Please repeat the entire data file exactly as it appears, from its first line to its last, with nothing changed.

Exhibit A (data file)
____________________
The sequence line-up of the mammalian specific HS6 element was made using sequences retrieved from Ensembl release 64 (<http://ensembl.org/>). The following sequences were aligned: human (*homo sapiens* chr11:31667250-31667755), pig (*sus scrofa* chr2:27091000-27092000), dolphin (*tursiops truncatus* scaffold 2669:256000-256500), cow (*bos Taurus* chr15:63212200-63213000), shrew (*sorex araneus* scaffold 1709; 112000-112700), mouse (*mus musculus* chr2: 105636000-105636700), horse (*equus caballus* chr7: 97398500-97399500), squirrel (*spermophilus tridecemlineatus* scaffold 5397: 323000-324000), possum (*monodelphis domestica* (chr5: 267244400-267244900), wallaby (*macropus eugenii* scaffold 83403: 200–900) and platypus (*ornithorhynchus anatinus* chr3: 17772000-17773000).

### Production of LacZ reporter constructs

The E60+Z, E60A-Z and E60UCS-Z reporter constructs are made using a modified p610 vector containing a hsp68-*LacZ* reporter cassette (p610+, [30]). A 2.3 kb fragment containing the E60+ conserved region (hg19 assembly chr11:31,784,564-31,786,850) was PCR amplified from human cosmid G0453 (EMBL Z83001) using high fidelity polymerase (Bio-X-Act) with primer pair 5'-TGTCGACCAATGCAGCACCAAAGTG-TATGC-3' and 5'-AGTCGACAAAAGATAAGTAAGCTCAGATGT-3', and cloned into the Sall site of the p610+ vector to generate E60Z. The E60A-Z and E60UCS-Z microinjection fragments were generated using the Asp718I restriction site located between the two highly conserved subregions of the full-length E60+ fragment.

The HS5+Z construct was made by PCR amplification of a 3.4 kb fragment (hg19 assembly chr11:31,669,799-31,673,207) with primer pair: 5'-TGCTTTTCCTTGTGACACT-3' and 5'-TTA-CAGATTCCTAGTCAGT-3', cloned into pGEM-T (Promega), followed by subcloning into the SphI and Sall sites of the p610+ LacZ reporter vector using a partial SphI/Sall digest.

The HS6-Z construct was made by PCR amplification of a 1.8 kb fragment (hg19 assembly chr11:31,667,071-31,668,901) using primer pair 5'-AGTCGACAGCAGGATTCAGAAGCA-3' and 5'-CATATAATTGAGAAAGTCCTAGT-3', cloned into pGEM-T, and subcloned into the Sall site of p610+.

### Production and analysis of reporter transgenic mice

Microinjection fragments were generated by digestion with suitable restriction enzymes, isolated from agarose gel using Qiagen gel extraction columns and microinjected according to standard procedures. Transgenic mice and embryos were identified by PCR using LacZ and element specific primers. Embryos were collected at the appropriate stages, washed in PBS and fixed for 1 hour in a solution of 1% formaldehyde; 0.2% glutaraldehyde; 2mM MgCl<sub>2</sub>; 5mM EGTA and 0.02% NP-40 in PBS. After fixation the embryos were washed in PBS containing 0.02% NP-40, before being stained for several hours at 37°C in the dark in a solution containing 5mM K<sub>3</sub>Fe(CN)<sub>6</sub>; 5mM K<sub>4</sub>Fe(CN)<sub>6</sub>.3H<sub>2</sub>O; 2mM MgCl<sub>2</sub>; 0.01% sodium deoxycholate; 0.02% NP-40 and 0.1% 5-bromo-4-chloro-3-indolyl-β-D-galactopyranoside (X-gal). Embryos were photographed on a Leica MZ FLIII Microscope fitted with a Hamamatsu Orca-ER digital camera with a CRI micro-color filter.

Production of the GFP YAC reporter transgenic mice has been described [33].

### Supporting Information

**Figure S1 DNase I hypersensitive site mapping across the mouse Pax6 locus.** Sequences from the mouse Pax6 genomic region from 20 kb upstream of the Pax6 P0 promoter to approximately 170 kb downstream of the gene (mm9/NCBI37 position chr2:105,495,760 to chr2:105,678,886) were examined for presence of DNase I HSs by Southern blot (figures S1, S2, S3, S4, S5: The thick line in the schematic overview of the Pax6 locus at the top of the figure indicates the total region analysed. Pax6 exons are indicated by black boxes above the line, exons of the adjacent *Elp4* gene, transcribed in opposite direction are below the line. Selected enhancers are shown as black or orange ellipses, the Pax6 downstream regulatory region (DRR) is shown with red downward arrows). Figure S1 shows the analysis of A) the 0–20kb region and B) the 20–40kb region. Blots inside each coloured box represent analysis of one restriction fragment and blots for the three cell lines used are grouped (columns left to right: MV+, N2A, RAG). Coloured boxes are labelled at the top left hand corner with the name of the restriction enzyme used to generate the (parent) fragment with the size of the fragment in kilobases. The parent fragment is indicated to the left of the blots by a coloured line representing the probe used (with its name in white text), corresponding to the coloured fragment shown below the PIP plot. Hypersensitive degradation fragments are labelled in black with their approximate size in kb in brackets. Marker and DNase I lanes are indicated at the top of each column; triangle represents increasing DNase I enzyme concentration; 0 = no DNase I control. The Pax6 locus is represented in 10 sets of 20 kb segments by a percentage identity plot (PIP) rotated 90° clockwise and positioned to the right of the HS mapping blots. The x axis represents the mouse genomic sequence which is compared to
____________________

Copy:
The sequence line-up of the mammalian specific HS6 element was made using sequences retrieved from Ensembl release 64 (<http://ensembl.org/>). The following sequences were aligned: human (*homo sapiens* chr11:31667250-31667755), pig (*sus scrofa* chr2:27091000-27092000), dolphin (*tursiops truncatus* scaffold 2669:256000-256500), cow (*bos Taurus* chr15:63212200-63213000), shrew (*sorex araneus* scaffold 1709; 112000-112700), mouse (*mus musculus* chr2: 105636000-105636700), horse (*equus caballus* chr7: 97398500-97399500), squirrel (*spermophilus tridecemlineatus* scaffold 5397: 323000-324000), possum (*monodelphis domestica* (chr5: 267244400-267244900), wallaby (*macropus eugenii* scaffold 83403: 200–900) and platypus (*ornithorhynchus anatinus* chr3: 17772000-17773000).

### Production of LacZ reporter constructs

The E60+Z, E60A-Z and E60UCS-Z reporter constructs are made using a modified p610 vector containing a hsp68-*LacZ* reporter cassette (p610+, [30]). A 2.3 kb fragment containing the E60+ conserved region (hg19 assembly chr11:31,784,564-31,786,850) was PCR amplified from human cosmid G0453 (EMBL Z83001) using high fidelity polymerase (Bio-X-Act) with primer pair 5'-TGTCGACCAATGCAGCACCAAAGTG-TATGC-3' and 5'-AGTCGACAAAAGATAAGTAAGCTCAGATGT-3', and cloned into the Sall site of the p610+ vector to generate E60Z. The E60A-Z and E60UCS-Z microinjection fragments were generated using the Asp718I restriction site located between the two highly conserved subregions of the full-length E60+ fragment.

The HS5+Z construct was made by PCR amplification of a 3.4 kb fragment (hg19 assembly chr11:31,669,799-31,673,207) with primer pair: 5'-TGCTTTTCCTTGTGACACT-3' and 5'-TTA-CAGATTCCTAGTCAGT-3', cloned into pGEM-T (Promega), followed by subcloning into the SphI and Sall sites of the p610+ LacZ reporter vector using a partial SphI/Sall digest.

The HS6-Z construct was made by PCR amplification of a 1.8 kb fragment (hg19 assembly chr11:31,667,071-31,668,901) using primer pair 5'-AGTCGACAGCAGGATTCAGAAGCA-3' and 5'-CATATAATTGAGAAAGTCCTAGT-3', cloned into pGEM-T, and subcloned into the Sall site of p610+.

### Production and analysis of reporter transgenic mice

Microinjection fragments were generated by digestion with suitable restriction enzymes, isolated from agarose gel using Qiagen gel extraction columns and microinjected according to standard procedures. Transgenic mice and embryos were identified by PCR using LacZ and element specific primers. Embryos were collected at the appropriate stages, washed in PBS and fixed for 1 hour in a solution of 1% formaldehyde; 0.2% glutaraldehyde; 2mM MgCl<sub>2</sub>; 5mM EGTA and 0.02% NP-40 in PBS. After fixation the embryos were washed in PBS containing 0.02% NP-40, before being stained for several hours at 37°C in the dark in a solution containing 5mM K<sub>3</sub>Fe(CN)<sub>6</sub>; 5mM K<sub>4</sub>Fe(CN)<sub>6</sub>.3H<sub>2</sub>O; 2mM MgCl<sub>2</sub>; 0.01% sodium deoxycholate; 0.02% NP-40 and 0.1% 5-bromo-4-chloro-3-indolyl-β-D-galactopyranoside (X-gal). Embryos were photographed on a Leica MZ FLIII Microscope fitted with a Hamamatsu Orca-ER digital camera with a CRI micro-color filter.

Production of the GFP YAC reporter transgenic mice has been described [33].

### Supporting Information

**Figure S1 DNase I hypersensitive site mapping across the mouse Pax6 locus.** Sequences from the mouse Pax6 genomic region from 20 kb upstream of the Pax6 P0 promoter to approximately 170 kb downstream of the gene (mm9/NCBI37 position chr2:105,495,760 to chr2:105,678,886) were examined for presence of DNase I HSs by Southern blot (figures S1, S2, S3, S4, S5: The thick line in the schematic overview of the Pax6 locus at the top of the figure indicates the total region analysed. Pax6 exons are indicated by black boxes above the line, exons of the adjacent *Elp4* gene, transcribed in opposite direction are below the line. Selected enhancers are shown as black or orange ellipses, the Pax6 downstream regulatory region (DRR) is shown with red downward arrows). Figure S1 shows the analysis of A) the 0–20kb region and B) the 20–40kb region. Blots inside each coloured box represent analysis of one restriction fragment and blots for the three cell lines used are grouped (columns left to right: MV+, N2A, RAG). Coloured boxes are labelled at the top left hand corner with the name of the restriction enzyme used to generate the (parent) fragment with the size of the fragment in kilobases. The parent fragment is indicated to the left of the blots by a coloured line representing the probe used (with its name in white text), corresponding to the coloured fragment shown below the PIP plot. Hypersensitive degradation fragments are labelled in black with their approximate size in kb in brackets. Marker and DNase I lanes are indicated at the top of each column; triangle represents increasing DNase I enzyme concentration; 0 = no DNase I control. The Pax6 locus is represented in 10 sets of 20 kb segments by a percentage identity plot (PIP) rotated 90° clockwise and positioned to the right of the HS mapping blots. The x axis represents the mouse genomic sequence which is compared to